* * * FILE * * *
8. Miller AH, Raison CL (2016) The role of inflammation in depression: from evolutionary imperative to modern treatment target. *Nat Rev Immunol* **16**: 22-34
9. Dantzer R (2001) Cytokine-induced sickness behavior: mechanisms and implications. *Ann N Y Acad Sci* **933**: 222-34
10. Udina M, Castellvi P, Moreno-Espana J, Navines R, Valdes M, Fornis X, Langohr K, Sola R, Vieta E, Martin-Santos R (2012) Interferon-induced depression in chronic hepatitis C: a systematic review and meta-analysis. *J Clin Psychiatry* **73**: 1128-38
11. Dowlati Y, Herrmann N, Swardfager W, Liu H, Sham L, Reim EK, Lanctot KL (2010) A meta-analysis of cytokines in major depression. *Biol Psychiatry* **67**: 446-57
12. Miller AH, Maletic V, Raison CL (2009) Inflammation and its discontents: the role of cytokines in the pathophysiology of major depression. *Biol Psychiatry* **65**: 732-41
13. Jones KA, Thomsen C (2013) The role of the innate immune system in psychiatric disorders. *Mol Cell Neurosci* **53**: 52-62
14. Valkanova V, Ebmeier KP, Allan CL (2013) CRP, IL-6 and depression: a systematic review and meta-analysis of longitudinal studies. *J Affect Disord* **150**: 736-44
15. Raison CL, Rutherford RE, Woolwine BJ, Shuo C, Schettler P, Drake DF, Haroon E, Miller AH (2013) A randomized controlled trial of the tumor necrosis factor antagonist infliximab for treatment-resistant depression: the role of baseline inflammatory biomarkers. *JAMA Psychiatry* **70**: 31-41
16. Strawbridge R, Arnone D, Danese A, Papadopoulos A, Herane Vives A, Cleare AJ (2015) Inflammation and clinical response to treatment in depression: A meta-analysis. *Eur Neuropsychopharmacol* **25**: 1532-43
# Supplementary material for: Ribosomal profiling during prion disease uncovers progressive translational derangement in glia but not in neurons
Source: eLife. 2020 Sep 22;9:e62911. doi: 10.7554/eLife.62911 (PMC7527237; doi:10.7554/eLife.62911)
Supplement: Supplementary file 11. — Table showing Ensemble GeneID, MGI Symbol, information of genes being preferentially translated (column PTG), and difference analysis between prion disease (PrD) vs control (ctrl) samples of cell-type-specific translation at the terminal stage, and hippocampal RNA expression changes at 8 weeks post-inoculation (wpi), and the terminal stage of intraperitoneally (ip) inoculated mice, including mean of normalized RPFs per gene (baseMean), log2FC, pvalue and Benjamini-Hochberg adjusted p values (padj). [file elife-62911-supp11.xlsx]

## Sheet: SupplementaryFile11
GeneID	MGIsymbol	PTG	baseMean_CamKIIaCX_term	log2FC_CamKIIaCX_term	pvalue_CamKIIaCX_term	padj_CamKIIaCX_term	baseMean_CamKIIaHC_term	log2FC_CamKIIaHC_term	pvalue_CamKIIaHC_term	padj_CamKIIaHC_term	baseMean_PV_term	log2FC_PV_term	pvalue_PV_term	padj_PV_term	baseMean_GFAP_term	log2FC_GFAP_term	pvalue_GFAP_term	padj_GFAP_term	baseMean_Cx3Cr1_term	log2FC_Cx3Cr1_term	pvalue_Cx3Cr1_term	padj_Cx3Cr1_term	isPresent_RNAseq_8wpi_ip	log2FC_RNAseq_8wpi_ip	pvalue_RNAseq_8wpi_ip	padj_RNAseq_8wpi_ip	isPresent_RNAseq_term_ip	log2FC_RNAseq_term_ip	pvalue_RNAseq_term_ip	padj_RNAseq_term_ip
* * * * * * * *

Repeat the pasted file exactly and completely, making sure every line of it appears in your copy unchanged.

8. Miller AH, Raison CL (2016) The role of inflammation in depression: from evolutionary imperative to modern treatment target. *Nat Rev Immunol* **16**: 22-34
9. Dantzer R (2001) Cytokine-induced sickness behavior: mechanisms and implications. *Ann N Y Acad Sci* **933**: 222-34
10. Udina M, Castellvi P, Moreno-Espana J, Navines R, Valdes M, Fornis X, Langohr K, Sola R, Vieta E, Martin-Santos R (2012) Interferon-induced depression in chronic hepatitis C: a systematic review and meta-analysis. *J Clin Psychiatry* **73**: 1128-38
11. Dowlati Y, Herrmann N, Swardfager W, Liu H, Sham L, Reim EK, Lanctot KL (2010) A meta-analysis of cytokines in major depression. *Biol Psychiatry* **67**: 446-57
12. Miller AH, Maletic V, Raison CL (2009) Inflammation and its discontents: the role of cytokines in the pathophysiology of major depression. *Biol Psychiatry* **65**: 732-41
13. Jones KA, Thomsen C (2013) The role of the innate immune system in psychiatric disorders. *Mol Cell Neurosci* **53**: 52-62
14. Valkanova V, Ebmeier KP, Allan CL (2013) CRP, IL-6 and depression: a systematic review and meta-analysis of longitudinal studies. *J Affect Disord* **150**: 736-44
15. Raison CL, Rutherford RE, Woolwine BJ, Shuo C, Schettler P, Drake DF, Haroon E, Miller AH (2013) A randomized controlled trial of the tumor necrosis factor antagonist infliximab for treatment-resistant depression: the role of baseline inflammatory biomarkers. *JAMA Psychiatry* **70**: 31-41
16. Strawbridge R, Arnone D, Danese A, Papadopoulos A, Herane Vives A, Cleare AJ (2015) Inflammation and clinical response to treatment in depression: A meta-analysis. *Eur Neuropsychopharmacol* **25**: 1532-43
# Supplementary material for: Ribosomal profiling during prion disease uncovers progressive translational derangement in glia but not in neurons
Source: eLife. 2020 Sep 22;9:e62911. doi: 10.7554/eLife.62911 (PMC7527237; doi:10.7554/eLife.62911)
Supplement: Supplementary file 11. — Table showing Ensemble GeneID, MGI Symbol, information of genes being preferentially translated (column PTG), and difference analysis between prion disease (PrD) vs control (ctrl) samples of cell-type-specific translation at the terminal stage, and hippocampal RNA expression changes at 8 weeks post-inoculation (wpi), and the terminal stage of intraperitoneally (ip) inoculated mice, including mean of normalized RPFs per gene (baseMean), log2FC, pvalue and Benjamini-Hochberg adjusted p values (padj). [file elife-62911-supp11.xlsx]

## Sheet: SupplementaryFile11
GeneID	MGIsymbol	PTG	baseMean_CamKIIaCX_term	log2FC_CamKIIaCX_term	pvalue_CamKIIaCX_term	padj_CamKIIaCX_term	baseMean_CamKIIaHC_term	log2FC_CamKIIaHC_term	pvalue_CamKIIaHC_term	padj_CamKIIaHC_term	baseMean_PV_term	log2FC_PV_term	pvalue_PV_term	padj_PV_term	baseMean_GFAP_term	log2FC_GFAP_term	pvalue_GFAP_term	padj_GFAP_term	baseMean_Cx3Cr1_term	log2FC_Cx3Cr1_term	pvalue_Cx3Cr1_term	padj_Cx3Cr1_term	isPresent_RNAseq_8wpi_ip	log2FC_RNAseq_8wpi_ip	pvalue_RNAseq_8wpi_ip	padj_RNAseq_8wpi_ip	isPresent_RNAseq_term_ip	log2FC_RNAseq_term_ip	pvalue_RNAseq_term_ip	padj_RNAseq_term_ip